Joseph Moore (firstname.lastname@example.org)
Thu, 15 Jul 1999 10:12:02 -0700
> It occurs to me that it is almost certainly the case that the
> big Ivies (I am particularly thinking of Harvard here given it's
> age) did , early on, accept many, many applicants without
> state sanctioned high school diplomas, simply because
> 1) there really wasn't any such thing
> 2) many candidates would have been mostly tutored anyway
> It would be interesting to delve into the evolution of the
> high school degree - and perhaps provide material usefull for
> opening up discussions with parents.
One key is 'state sanctioned' - that whole deal started in the mid-1800's
and wasn't wide spread before the end of the century, so, yea, the Harvards
of the world certainly didn't start out looking for state sanctioned
St. John's College, 3rd oldest in the country, still requires no SATs,
diploma, or GPA to get in - you have to 1) be at least 15, and 2) write
convincing essays in response to a list of questions about why you want to
be a Johnny. Maybe not Harvard, but a respected school none the less.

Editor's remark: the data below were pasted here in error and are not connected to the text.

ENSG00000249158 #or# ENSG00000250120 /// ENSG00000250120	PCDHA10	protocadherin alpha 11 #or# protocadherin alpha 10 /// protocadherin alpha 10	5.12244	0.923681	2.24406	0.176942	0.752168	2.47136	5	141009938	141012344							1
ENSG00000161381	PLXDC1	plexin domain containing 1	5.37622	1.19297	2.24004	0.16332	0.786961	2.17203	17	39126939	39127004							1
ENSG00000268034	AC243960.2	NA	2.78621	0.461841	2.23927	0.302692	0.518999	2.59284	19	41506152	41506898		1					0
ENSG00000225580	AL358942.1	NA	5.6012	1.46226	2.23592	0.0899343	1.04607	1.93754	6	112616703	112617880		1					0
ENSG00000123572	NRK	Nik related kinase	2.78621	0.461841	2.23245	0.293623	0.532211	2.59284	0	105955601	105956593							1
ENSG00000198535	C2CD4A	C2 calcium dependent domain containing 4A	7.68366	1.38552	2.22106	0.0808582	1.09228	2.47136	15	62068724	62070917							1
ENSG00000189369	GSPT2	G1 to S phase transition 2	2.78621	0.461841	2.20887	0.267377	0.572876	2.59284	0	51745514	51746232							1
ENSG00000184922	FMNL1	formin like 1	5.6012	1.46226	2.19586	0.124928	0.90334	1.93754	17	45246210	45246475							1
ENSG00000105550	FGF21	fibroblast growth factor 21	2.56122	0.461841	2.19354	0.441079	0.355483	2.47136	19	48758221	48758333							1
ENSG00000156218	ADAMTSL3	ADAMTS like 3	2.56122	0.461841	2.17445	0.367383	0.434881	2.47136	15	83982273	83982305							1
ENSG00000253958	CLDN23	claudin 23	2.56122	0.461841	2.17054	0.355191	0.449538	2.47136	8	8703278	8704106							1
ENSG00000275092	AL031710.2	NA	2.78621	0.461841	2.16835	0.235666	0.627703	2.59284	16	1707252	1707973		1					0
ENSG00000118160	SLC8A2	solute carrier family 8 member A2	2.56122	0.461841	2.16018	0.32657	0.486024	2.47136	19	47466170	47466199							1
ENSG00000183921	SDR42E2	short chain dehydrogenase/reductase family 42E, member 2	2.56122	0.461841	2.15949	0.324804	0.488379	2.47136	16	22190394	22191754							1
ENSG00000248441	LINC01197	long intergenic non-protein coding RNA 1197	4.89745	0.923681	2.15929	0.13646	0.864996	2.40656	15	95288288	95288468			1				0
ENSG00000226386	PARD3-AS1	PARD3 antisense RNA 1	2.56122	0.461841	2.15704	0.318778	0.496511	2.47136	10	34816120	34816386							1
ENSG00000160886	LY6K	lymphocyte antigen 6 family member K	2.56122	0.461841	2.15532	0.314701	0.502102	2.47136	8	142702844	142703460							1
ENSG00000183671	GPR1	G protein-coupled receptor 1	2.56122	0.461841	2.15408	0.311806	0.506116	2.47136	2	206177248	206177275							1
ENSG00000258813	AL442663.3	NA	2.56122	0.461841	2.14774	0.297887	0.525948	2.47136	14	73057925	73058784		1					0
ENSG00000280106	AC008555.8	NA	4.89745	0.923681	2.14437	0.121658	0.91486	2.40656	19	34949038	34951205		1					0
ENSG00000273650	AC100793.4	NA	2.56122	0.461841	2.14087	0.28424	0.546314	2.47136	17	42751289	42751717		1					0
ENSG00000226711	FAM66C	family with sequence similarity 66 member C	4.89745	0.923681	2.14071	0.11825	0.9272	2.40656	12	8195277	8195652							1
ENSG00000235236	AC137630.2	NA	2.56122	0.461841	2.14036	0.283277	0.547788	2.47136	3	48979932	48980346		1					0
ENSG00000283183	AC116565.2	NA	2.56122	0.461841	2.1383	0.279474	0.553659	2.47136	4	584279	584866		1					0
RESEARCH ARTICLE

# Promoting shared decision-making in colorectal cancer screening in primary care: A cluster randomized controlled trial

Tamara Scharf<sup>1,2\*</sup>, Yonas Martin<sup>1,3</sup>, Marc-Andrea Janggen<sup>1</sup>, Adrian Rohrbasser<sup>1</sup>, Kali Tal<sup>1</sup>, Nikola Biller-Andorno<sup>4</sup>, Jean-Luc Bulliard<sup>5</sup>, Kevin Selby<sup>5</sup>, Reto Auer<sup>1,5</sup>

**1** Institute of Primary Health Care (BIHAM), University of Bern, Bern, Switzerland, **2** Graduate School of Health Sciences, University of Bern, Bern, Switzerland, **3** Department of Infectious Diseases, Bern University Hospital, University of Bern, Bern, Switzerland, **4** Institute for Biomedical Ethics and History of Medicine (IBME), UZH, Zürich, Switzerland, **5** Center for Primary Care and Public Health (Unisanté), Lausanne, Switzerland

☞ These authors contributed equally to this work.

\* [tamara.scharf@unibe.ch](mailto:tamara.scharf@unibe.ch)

To parents, I run down a list of famous Americans without diplomas or much
formal schooling - damn near all of 'em! A slight exageration, but certainly
all of the Founding Fathers and early leaders and writers. Then I refer to
Churchhill's comment about never letting his schooling get in the way of his
education. I also like to ask them what they do for a living or enjoy now,
and what, if anything, their pre-college (or even college!) education has to
do with it.
But, finally, when talking to parents, I try to remember to stick to: 1)
your kids will learn what they need at our school; and 2) they'll be treated
with respect, and let the rest of the discussion happen in response to their
stated questions. With the 90% or so who aren't really interested, I just
hope maybe I've sown some seeds of discontent.
> Joseph Moore
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